Swirling Your Espresso Is Key To Creating The Best Coffee Art

If you're someone who looks forward to the ferns, hearts, or other kinds of latte art that comes with your morning coffee shop run, you likely are already aware of the need for fluffy, frothed milk to get the best results. Whether you splurged and have your own espresso machine or purchased a frothing tool such as a pump frother or frothing wand, good quality microfoam is needed to make your coffee art pop. However, baristas will tell you that swirling the espresso is just as important.

Crema is the froth that settles on the top of the espresso shot after it's poured. By swirling the espresso, the crema is evened, thinned, and smoothed out. The bubbles also break apart, and the color becomes consistent throughout the shot. This makes it much easier to make coffee art because the foam moves more easily across the espresso and provides contrast between the espresso and foam that coffee artists try to accentuate. You also get a shiny, finished look more easily. Those who participate in coffee art competitions are even judged on this, referred to as Contrast Between Ingredients at the World Latte Art Competition.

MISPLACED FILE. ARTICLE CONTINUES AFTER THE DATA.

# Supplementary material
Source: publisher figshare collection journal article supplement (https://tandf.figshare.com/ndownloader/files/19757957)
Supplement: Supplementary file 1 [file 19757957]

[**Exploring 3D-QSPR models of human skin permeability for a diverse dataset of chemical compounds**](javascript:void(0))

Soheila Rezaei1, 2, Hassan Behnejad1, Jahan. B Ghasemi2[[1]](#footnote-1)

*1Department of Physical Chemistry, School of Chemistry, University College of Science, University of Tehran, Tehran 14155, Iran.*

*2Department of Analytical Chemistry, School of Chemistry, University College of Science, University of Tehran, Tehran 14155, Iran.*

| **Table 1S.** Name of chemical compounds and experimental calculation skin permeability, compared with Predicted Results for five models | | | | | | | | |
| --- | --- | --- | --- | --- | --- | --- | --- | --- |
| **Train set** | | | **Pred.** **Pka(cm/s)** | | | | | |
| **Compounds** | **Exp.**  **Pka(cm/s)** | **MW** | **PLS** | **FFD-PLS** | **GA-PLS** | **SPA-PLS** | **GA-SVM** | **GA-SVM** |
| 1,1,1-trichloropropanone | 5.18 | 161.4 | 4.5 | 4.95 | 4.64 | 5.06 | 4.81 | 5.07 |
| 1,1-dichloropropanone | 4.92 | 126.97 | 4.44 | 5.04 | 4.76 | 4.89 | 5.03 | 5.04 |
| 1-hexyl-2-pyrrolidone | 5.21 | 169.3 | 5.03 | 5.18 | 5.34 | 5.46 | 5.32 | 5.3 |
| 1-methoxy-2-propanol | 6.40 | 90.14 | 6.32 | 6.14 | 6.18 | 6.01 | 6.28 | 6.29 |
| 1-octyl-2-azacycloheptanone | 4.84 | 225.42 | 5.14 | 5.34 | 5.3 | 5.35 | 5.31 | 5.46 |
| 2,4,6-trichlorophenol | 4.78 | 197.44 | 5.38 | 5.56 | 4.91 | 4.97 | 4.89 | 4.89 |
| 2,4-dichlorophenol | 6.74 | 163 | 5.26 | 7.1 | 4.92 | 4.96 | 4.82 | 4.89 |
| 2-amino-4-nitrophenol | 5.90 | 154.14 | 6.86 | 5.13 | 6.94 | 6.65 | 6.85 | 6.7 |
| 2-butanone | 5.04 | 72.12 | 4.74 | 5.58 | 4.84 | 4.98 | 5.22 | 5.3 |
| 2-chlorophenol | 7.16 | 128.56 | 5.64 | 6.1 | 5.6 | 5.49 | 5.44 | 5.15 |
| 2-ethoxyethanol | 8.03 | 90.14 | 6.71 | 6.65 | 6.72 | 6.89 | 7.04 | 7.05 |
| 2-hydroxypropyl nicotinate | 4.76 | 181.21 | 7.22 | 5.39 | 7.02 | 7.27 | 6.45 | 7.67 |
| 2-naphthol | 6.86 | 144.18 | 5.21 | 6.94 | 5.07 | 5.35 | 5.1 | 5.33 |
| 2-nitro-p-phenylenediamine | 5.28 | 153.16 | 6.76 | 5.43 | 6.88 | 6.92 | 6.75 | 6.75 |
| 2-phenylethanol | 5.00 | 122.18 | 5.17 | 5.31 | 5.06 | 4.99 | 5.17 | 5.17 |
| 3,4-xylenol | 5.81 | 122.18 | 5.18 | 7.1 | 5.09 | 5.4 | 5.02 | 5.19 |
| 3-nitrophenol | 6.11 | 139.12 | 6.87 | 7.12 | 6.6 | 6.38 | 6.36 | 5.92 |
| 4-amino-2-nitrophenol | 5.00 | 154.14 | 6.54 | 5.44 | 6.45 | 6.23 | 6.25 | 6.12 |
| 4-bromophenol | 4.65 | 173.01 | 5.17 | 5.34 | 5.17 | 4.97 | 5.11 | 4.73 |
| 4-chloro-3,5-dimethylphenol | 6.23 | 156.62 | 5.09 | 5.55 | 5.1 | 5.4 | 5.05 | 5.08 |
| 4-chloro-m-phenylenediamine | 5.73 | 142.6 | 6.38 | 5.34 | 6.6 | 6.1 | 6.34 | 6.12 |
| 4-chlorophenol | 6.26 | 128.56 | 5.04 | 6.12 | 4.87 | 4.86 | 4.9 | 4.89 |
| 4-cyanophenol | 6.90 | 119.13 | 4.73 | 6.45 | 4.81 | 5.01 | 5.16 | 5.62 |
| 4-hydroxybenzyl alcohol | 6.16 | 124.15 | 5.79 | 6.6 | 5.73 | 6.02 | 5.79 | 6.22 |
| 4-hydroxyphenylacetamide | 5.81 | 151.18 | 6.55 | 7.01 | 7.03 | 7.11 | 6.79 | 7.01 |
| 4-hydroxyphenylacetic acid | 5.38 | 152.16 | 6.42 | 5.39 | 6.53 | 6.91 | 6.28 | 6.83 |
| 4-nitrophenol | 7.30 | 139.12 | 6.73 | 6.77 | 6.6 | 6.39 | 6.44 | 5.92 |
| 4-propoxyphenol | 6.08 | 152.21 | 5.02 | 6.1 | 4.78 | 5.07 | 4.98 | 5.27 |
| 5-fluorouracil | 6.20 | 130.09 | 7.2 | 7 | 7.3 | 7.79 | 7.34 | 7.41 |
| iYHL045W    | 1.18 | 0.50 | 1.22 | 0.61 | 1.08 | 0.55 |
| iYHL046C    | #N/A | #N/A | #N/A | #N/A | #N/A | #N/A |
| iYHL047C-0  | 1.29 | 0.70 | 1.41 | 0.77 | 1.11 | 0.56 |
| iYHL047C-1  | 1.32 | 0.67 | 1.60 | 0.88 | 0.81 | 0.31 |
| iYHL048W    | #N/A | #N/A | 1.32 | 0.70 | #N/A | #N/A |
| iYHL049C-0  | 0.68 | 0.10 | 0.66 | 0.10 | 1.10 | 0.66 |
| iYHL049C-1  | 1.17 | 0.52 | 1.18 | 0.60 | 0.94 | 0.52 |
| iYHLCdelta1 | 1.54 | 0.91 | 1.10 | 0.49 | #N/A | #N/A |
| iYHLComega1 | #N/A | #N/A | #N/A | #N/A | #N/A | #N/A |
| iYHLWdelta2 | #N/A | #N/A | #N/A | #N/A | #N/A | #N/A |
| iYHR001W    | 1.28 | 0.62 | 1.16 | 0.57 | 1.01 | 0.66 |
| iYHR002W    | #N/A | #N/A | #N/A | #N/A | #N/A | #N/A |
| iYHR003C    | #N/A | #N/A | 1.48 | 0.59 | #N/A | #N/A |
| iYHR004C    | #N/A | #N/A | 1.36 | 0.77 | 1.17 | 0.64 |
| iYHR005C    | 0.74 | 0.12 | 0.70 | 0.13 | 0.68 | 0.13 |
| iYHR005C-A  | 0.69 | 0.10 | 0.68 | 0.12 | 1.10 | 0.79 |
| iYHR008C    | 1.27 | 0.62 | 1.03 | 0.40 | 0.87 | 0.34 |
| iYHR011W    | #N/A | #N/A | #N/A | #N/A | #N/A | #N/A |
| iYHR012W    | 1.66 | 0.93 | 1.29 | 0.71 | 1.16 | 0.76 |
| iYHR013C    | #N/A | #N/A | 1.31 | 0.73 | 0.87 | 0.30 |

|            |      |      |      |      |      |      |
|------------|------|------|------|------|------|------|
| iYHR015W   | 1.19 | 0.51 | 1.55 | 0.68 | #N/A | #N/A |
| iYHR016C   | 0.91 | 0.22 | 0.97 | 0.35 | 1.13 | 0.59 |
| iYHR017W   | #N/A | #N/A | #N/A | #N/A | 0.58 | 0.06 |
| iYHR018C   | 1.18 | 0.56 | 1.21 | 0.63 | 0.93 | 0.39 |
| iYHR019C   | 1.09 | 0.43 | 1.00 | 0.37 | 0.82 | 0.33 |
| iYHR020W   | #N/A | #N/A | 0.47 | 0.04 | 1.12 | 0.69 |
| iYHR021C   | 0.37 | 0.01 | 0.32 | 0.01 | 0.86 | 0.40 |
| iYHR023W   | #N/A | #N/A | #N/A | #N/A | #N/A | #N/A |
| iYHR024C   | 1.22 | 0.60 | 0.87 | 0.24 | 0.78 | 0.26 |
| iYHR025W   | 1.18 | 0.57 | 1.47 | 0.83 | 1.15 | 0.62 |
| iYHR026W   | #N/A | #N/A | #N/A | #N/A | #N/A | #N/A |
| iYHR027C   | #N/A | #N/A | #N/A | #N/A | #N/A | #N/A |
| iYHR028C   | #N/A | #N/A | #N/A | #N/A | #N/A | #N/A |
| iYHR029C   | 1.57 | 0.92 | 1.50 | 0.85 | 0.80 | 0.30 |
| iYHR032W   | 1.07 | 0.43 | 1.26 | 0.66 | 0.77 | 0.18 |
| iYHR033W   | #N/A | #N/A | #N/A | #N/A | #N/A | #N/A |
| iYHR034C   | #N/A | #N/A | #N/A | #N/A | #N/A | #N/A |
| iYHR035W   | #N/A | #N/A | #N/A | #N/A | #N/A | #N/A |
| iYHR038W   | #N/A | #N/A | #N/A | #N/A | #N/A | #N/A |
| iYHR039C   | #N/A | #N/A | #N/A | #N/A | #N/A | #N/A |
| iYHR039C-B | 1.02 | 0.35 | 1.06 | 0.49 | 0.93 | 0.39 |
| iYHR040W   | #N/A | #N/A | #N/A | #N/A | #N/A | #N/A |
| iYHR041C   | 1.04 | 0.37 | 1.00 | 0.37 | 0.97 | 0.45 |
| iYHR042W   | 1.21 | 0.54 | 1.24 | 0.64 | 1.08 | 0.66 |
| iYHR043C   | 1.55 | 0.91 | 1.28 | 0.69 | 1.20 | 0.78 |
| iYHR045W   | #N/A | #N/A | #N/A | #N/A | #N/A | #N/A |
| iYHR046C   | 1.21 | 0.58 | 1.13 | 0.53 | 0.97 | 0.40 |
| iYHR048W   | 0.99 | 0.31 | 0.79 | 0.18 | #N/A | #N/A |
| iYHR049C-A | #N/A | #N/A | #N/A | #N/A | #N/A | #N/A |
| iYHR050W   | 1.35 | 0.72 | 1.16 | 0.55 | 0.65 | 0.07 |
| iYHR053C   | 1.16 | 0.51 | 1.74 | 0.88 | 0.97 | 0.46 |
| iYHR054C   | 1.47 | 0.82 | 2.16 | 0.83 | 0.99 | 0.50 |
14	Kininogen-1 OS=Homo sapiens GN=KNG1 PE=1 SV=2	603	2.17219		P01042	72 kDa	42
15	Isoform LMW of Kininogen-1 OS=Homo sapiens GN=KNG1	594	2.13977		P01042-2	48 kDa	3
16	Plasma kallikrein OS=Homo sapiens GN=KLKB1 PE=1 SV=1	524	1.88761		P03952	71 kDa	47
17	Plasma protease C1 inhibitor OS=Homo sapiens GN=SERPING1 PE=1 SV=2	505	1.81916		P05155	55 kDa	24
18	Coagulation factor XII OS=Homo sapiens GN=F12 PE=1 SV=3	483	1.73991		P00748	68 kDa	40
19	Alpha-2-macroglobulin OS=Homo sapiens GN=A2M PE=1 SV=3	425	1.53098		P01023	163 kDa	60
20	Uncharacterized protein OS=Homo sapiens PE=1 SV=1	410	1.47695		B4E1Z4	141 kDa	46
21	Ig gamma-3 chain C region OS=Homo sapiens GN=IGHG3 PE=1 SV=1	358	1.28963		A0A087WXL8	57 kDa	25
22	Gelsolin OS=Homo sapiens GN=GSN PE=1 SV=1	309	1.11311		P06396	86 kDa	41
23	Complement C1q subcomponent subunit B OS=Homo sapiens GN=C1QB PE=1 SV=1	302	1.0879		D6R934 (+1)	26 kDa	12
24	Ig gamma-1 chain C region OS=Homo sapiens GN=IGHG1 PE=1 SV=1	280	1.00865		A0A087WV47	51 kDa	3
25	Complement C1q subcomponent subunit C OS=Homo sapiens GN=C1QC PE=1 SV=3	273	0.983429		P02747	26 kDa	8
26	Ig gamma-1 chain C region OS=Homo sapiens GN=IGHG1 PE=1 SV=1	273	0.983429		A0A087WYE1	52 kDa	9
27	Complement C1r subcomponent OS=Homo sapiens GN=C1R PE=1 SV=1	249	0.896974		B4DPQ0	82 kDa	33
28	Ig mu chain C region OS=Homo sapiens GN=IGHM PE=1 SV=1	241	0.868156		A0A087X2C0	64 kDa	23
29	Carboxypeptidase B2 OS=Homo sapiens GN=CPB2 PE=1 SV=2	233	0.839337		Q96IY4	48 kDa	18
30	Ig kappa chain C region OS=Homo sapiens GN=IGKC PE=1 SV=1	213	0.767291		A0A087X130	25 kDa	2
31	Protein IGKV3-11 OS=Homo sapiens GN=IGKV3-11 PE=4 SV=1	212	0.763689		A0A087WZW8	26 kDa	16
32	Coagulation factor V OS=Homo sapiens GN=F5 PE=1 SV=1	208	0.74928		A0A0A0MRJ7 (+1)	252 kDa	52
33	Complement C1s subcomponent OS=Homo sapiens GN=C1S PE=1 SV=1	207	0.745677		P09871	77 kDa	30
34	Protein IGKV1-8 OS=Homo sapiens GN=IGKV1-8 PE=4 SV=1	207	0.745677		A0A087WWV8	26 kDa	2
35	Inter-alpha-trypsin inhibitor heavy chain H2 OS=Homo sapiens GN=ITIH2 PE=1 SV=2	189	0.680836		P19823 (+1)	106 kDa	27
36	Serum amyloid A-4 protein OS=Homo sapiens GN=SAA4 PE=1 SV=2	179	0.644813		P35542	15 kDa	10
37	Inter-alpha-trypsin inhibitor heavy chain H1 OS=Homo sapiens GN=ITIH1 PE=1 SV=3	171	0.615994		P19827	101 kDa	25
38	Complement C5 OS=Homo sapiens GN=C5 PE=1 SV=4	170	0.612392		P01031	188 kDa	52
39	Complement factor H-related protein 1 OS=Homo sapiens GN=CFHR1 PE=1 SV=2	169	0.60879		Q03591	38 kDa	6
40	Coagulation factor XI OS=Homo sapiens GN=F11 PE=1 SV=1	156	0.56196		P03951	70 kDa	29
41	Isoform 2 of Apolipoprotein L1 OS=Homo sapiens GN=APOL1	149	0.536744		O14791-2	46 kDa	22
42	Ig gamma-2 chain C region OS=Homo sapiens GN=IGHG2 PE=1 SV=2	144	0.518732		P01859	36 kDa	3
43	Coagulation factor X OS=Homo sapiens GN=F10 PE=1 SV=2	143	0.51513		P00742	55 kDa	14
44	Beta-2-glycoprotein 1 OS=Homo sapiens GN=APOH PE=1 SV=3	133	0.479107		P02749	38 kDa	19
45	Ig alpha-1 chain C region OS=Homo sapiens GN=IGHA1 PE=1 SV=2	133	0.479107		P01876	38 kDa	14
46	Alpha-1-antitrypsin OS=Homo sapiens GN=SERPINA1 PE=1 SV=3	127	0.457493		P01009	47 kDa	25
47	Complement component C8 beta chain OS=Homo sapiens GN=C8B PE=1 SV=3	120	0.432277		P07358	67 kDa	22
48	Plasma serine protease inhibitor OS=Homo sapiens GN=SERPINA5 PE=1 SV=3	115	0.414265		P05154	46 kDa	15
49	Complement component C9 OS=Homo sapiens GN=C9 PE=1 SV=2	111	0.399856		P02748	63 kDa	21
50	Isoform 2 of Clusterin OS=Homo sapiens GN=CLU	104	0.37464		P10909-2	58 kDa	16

Perfect microfoam is essential to the best coffee art

"Latte art adds something to the coffee-drinking experience," Alessandro Zengiaro, the 2020 UK Latte Art Champion, tells Perfect Daily Grind. "Think about cooking — when a dish looks great, it improves the whole eating experience, and so does latte art with coffee." While swirling your espresso shot is essential to creating the best coffee art, it isn't the only aspect professional baristas and latte art judges are mindful of. While the smooth, homogenous appearance of the espresso is critical to providing the contrast the judges look for, that contrast wouldn't be possible without the perfect milk microfoam.

The key to creamy and silky foam for coffee art is using cold milk containing the correct ratio of fat to protein, which is why skim and whole milk are traditionally used in latte art championships. "Cow's milk is the easiest to work with and gives the best results when it comes to microfoam and texture," Zengiaro explains.